The Michigan Impaired Driving Safety Commission was created and given the task of conducting research in order to recommend a scientifically supported threshold of △9-THC. This threshold, much like the .08 blood alcohol level threshold, would indicate to Michigan police whether or not a cannabis user is considered impaired while driving.
Similar studies have been done nationwide with varying results, yet most were unable to come to an absolute threshold that indicates impairment. A 2017 study involving driving simulators and instrumented vehicles revealed that cannabis-impaired subjects typically drive slower, keep greater following distances, and take fewer risks while driving than when driving sober (Compton, 2017). It was believed during this study that this behavior was due to drivers attempting to overcompensate for the subjective effects of using cannabis. In comparison, a 2013 report found an estimated 26% increase in crash risk when the driver had used cannabis (Elvik, 2013); in 2012 a study concluded ingesting cannabis increased the risk of a crash by a factor of 1 to 3 (Schulze et al., 2012); and in 2017 the National Academies of Sciences concluded that there was no substantial evidence of a statistical association between cannabis use and increased risk of a vehicle crash but that there was an increased risk of about 22%-36%.
A percentage of added risk is not enough to determine a specific threshold of THC in the system that would render a driver impaired. This threshold has been difficult to pin down due to how △9-THC is processed through the body. While THC in one’s system goes through a rapid elimination process once ingested the effects on the central nervous system are often delayed. This creates a window of time where the user may not feel the full effect of ingesting cannabis yet the levels of THC in their system are already starting to lower. A test in 2005 showed that 20 minutes after smoking cannabis the user’s △9-THC blood levels were significantly lower than when tested right after smoking (Papafotiou et al., 2005).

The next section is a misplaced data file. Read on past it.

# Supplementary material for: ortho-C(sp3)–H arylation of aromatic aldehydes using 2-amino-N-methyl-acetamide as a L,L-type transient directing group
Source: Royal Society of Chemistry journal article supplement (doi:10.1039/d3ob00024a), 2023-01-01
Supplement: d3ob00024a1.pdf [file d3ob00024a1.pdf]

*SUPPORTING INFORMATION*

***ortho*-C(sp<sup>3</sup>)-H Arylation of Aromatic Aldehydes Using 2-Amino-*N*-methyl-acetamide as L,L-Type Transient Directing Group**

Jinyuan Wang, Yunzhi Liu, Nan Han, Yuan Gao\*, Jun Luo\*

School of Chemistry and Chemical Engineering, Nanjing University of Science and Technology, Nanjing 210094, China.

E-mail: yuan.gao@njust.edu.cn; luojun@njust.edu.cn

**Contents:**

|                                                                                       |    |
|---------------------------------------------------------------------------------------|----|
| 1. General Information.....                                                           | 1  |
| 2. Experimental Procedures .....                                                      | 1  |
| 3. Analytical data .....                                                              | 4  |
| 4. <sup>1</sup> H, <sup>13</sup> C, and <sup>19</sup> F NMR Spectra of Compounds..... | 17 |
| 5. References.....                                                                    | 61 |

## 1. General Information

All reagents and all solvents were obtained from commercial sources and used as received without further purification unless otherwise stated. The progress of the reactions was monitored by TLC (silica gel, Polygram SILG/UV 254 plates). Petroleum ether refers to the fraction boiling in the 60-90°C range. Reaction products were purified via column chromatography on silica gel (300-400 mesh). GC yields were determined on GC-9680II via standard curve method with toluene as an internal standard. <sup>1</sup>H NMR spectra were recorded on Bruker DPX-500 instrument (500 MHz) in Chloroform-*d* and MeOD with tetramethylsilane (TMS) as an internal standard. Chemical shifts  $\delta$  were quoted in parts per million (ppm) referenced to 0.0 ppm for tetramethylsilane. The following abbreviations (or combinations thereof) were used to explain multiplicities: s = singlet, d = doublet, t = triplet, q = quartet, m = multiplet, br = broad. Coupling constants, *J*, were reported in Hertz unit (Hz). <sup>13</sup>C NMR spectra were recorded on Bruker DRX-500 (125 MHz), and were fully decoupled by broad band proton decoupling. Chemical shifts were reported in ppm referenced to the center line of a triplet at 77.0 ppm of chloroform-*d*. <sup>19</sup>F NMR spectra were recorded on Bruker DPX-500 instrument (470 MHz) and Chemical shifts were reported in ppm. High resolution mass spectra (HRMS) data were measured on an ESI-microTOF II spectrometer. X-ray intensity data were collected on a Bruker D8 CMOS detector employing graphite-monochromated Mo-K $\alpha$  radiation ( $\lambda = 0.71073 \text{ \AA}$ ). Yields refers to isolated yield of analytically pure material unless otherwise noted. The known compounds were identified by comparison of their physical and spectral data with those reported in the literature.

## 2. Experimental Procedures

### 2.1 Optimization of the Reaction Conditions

The Safety Commission concluded that there is no scientifically supported threshold of THC that would directly indicate a driver is impaired. Therefore, the Commission recommends the State of Michigan to utilize roadside sobriety test(s) to determine whether a driver is impaired by cannabis instead of blood tests.
If you are facing a criminal charge for driving under the influence of marijuana call Michigan Cannabis Lawyers at 517-512-8364.
The Michigan Cannabis Lawyer Admin is the profile for the cannabis attorneys here at Covert Law Firm.